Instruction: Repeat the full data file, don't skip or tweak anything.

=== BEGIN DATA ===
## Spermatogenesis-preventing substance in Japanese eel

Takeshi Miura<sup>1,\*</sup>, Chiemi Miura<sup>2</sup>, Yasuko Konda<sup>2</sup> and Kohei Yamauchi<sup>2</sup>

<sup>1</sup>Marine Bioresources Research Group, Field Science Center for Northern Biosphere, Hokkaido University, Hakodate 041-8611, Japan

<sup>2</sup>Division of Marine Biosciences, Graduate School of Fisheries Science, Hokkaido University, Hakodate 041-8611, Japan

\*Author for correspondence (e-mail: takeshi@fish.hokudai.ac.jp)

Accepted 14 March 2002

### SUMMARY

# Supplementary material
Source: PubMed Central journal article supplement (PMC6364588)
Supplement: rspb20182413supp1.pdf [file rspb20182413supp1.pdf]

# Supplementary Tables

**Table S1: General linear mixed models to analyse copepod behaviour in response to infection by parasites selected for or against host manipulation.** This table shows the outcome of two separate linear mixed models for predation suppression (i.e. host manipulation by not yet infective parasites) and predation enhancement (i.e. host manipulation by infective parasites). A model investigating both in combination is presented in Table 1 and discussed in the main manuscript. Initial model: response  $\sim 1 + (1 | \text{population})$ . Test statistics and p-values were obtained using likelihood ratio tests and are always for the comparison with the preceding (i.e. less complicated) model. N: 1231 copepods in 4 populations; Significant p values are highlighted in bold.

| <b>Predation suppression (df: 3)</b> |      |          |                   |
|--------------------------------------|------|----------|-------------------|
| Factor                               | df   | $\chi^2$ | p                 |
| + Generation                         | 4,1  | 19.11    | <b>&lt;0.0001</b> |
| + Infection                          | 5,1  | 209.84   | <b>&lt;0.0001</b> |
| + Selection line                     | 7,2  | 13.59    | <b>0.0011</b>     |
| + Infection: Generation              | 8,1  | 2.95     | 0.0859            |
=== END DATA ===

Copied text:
## Spermatogenesis-preventing substance in Japanese eel

Takeshi Miura<sup>1,\*</sup>, Chiemi Miura<sup>2</sup>, Yasuko Konda<sup>2</sup> and Kohei Yamauchi<sup>2</sup>

<sup>1</sup>Marine Bioresources Research Group, Field Science Center for Northern Biosphere, Hokkaido University, Hakodate 041-8611, Japan

<sup>2</sup>Division of Marine Biosciences, Graduate School of Fisheries Science, Hokkaido University, Hakodate 041-8611, Japan

\*Author for correspondence (e-mail: takeshi@fish.hokudai.ac.jp)

Accepted 14 March 2002

### SUMMARY

# Supplementary material
Source: PubMed Central journal article supplement (PMC6364588)
Supplement: rspb20182413supp1.pdf [file rspb20182413supp1.pdf]

# Supplementary Tables

**Table S1: General linear mixed models to analyse copepod behaviour in response to infection by parasites selected for or against host manipulation.** This table shows the outcome of two separate linear mixed models for predation suppression (i.e. host manipulation by not yet infective parasites) and predation enhancement (i.e. host manipulation by infective parasites). A model investigating both in combination is presented in Table 1 and discussed in the main manuscript. Initial model: response  $\sim 1 + (1 | \text{population})$ . Test statistics and p-values were obtained using likelihood ratio tests and are always for the comparison with the preceding (i.e. less complicated) model. N: 1231 copepods in 4 populations; Significant p values are highlighted in bold.

| <b>Predation suppression (df: 3)</b> |      |          |                   |
|--------------------------------------|------|----------|-------------------|
| Factor                               | df   | $\chi^2$ | p                 |
| + Generation                         | 4,1  | 19.11    | <b>&lt;0.0001</b> |
| + Infection                          | 5,1  | 209.84   | <b>&lt;0.0001</b> |
| + Selection line                     | 7,2  | 13.59    | <b>0.0011</b>     |
| + Infection: Generation              | 8,1  | 2.95     | 0.0859            |